Chris Masterson, Carol Masterson and Danny Masterson - Youth for Human Rights International (YHRI) Celebrity Benefit at Beso Restaurant - Hollywood, California, United States - Tuesday 25th March 2014
Lachlan MacAldonich is an ex Britpop musician whose glory days are well and truly over. He moved to Los Angeles from Scotland twelve years ago and settled comfortably into a lifestyle of farming, market selling and music podcasting on a small scale. Although he adores the country that he is living in, his life in general can sometimes prove too much (or too little) forcing him to drink his problems away at various city bars. After a particularly heavy booze fuelled night, Lachlan is pulled over by the cops and arrested for driving under the influence as he tries to get home. His arrest throws into light previous drug charges that ultimately put his future in the balance as he is threatened with deportation back to the UK. The only way he can remain in the country is if he can prove that his leaving would cause emotional hardship to a wife, child or other relative who is of US citizenship and since Lachlan is divorced with one child who he hasn't seen in several years and has one female friend who visits his farmer's market regularly but is very much out of his league, he hardly has a chance.
'California Solo' is the heart-wrenching story of a forgotten man's quest to bury his past and find a way to lead the life he so wishes to lead. It has been directed and written by Marshall Lewy ('Blue State') and opens in New York on November 30th 2012.
Continue: California Solo Trailer
Fridge is a superhero with powers that are pretty self-explanatory, but he's not the only one. The country is pretty much overrun with crime-fighting caped crusaders; so much so that their government funding has been cut and people are less in support of them - the police even less so. With this huge problem hanging over the heads of Fridge and his best friend C-Thru, they are presented with the mission to earn superheroes respect once again. However, things take a difficult turn in Fridge's life when he discovers that his girlfriend seems to prefer his super alter ego over Brendan, his everyday geeky self, and he decides to break up with her via email. Things get even more complicated when he comes face to face with his arch enemy, Shrink, who killed his parents many years ago.
This hilarious flick gives a new meaning to 'comic' superheroes. It's a wonderful comedy take on the world of heroes and villains that has for so long grasped cinematic and comic book audiences internationally. With deliberately terribly named characters, 'Alter Egos' has been directed and written by the genius that is comic book fan Jordan Galland ('Rosencrantz and Guildenstern Are Undead'). It first opened at the Fantasia Film Festival in July and is set for release nationwide on November 20th 2012.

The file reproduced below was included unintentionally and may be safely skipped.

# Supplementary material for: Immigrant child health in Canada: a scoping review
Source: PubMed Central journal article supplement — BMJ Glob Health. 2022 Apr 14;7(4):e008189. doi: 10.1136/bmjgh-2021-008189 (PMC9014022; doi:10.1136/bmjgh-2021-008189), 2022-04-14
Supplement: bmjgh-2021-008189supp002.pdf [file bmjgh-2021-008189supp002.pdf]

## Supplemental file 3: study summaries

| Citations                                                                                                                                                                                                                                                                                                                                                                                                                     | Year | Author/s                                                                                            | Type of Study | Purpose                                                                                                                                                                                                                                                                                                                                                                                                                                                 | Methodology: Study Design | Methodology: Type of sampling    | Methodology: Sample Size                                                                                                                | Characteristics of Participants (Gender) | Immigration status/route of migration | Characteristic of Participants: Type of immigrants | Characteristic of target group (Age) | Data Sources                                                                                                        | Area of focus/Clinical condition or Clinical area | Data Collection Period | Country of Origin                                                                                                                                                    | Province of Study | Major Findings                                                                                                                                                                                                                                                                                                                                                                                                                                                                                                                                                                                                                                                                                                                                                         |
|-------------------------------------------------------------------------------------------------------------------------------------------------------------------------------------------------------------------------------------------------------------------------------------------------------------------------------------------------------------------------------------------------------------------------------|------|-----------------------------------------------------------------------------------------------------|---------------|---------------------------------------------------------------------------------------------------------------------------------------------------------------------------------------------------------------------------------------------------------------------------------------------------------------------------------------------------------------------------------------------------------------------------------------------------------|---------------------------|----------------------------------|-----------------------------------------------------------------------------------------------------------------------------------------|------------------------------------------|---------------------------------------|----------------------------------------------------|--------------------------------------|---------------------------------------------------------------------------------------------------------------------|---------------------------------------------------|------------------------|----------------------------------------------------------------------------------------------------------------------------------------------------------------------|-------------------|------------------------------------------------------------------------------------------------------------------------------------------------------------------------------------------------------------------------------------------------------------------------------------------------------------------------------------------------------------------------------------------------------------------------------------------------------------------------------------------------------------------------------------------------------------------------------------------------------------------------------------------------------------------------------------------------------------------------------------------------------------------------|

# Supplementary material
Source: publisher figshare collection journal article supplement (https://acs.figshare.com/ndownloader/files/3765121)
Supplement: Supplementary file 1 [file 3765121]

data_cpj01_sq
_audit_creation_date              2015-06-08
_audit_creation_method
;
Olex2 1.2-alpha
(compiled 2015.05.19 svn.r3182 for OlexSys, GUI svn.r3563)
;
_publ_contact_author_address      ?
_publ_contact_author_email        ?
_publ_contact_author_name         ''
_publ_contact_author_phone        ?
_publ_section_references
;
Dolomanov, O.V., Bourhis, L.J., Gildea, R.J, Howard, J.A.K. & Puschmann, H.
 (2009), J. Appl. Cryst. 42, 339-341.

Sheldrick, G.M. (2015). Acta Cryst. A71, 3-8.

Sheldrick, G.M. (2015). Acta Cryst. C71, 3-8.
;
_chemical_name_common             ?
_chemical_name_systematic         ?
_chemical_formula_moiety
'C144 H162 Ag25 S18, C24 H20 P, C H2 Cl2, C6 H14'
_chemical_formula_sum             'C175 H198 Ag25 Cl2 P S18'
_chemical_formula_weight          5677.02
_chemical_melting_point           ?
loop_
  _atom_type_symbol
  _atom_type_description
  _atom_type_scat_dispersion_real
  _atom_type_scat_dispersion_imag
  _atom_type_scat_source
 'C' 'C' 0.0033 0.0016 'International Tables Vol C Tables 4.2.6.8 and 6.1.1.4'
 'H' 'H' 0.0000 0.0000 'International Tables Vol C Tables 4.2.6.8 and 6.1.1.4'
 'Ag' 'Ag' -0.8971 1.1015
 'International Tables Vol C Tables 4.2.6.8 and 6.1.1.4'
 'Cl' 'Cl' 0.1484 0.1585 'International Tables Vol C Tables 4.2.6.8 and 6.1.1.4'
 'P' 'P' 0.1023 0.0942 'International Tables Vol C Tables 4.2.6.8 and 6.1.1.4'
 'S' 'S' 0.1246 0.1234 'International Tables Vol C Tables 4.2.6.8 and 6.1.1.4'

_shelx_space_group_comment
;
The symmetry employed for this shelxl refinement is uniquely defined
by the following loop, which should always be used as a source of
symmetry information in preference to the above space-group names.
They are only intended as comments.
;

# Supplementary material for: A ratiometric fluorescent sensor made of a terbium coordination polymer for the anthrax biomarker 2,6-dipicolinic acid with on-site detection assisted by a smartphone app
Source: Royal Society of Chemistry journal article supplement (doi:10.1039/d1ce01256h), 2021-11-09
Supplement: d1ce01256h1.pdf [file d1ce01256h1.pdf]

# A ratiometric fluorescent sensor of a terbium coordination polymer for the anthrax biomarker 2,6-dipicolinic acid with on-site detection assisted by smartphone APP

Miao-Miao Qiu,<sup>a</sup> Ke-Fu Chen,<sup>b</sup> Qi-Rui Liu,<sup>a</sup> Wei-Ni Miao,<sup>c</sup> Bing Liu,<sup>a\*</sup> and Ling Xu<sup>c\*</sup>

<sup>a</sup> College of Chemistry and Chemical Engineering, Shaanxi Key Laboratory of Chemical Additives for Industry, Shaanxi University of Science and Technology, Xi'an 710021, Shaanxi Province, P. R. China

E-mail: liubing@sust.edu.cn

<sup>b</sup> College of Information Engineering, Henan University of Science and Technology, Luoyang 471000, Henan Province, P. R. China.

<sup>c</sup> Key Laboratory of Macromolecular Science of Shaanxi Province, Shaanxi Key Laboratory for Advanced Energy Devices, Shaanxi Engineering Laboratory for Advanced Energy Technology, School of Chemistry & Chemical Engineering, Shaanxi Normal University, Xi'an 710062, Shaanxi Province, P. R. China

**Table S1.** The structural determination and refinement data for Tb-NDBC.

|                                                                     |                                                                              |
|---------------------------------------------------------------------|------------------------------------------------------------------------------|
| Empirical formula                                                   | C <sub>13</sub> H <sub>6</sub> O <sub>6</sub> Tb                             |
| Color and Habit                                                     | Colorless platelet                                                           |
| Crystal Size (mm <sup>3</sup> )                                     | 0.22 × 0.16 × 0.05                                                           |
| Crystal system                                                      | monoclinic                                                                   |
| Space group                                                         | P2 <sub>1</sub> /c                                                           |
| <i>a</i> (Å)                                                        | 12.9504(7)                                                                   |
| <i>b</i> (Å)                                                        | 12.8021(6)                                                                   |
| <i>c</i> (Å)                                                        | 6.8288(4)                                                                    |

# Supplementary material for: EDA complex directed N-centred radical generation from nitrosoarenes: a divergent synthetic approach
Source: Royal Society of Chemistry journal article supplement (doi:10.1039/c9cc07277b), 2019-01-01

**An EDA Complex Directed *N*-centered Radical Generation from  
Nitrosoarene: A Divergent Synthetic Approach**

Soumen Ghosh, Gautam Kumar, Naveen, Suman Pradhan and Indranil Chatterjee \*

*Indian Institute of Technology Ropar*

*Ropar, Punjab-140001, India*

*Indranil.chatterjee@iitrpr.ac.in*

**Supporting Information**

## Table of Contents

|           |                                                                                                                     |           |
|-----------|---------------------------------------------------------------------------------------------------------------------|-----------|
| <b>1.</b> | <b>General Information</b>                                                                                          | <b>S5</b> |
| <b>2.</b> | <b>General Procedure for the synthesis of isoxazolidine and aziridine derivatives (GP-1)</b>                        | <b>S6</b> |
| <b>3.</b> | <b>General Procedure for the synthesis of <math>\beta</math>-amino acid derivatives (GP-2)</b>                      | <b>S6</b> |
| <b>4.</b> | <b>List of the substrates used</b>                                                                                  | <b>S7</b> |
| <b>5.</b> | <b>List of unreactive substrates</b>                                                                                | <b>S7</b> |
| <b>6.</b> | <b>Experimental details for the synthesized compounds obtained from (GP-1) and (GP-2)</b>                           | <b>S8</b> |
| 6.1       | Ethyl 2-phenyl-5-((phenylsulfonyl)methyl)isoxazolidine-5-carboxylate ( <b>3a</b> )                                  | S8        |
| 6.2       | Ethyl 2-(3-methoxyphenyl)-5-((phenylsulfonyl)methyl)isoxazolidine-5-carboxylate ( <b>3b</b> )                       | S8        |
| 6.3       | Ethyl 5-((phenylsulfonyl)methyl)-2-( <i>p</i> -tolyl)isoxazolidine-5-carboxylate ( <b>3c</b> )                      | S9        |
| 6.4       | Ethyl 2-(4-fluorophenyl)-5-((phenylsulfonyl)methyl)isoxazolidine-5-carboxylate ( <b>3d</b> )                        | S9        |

Continue: Alter Egos - Trailer Trailer
Jim Carrey should have said no to the threadbare script. The tireless comedian has shown he could wring laughs out of one-note pitches like Bruce Almighty, Liar, Liar, or the Ace Ventura films. But the three credited Yes Man screenwriters cook up the flimsiest comedic premise of Carrey's career -- a non-committal loan officer enters a motivational program that permits him from turning anything down -- then forget to back it up with humor, emotional conflict or, you know, an actual plot.
Continue reading: Yes Man Review
Smiley Face's stoner heroine Jane F. (Anna Faris) may be about as dull as bongwater, so a story about her had better be sharp and stepped up for it to register, and it can't even for half a beat be afraid that it's not making sense. The best slapstick flicks -- of which the stoner comedy is the modern-day update -- do not care if you get the jokes or not, or even if you like them very much (those qualities help make everything from The Three Stooges to Airplane! to the aforementioned Harold & Kumar so charming). In this regard, Araki's approach to the material is rather cautious, as the genre goes; there's a been-there-done-that whiff about this humor, and he wants to endear us to Jane and her story too insistently. Most troublesome is that Araki and screenwriter Dylan Haggerty beat a very simple premise -- that this chick is baked out of her gourd -- into the ground over and over again. The entire extent of Smiley Face's comedy rests on Faris pulling the dopey stoner face and stumbling through the scenery as she scrambles to pay off her dealer so he won't confiscate her furniture.
Continue reading: Smiley Face Review
Martin and Priest take on the roles of The Monkey Brothers, hipster-doofus casting directors who are hired for their biggest job ever -- a commercial for "Salsa Gusto," a daring product out of Salt Lake City of course, with its new ad being helmed by a highly sought-after director. It's a plum gig -- only the Monkeys don't have a bone of ability in their bodies, both earning D- grades in "casting school" at the local technical college. In fact, when it comes time to pick out the head shots they plan to audition, the origin of their Monkey moniker drives the point home.
Continue reading: Hip, Edgy, Sexy, Cool Review
And it's got all of those earmarks of just about every Dracula, a director no one has heard of (Craven just bankrolled it), a series of barely recognizable actors, and a feeling of having been shelved for about four years... oh yeah, and a bunch of religious undertones so the crew can work through their theological schizophrenia a la Anne Rice.
Continue reading: Dracula 2000 Review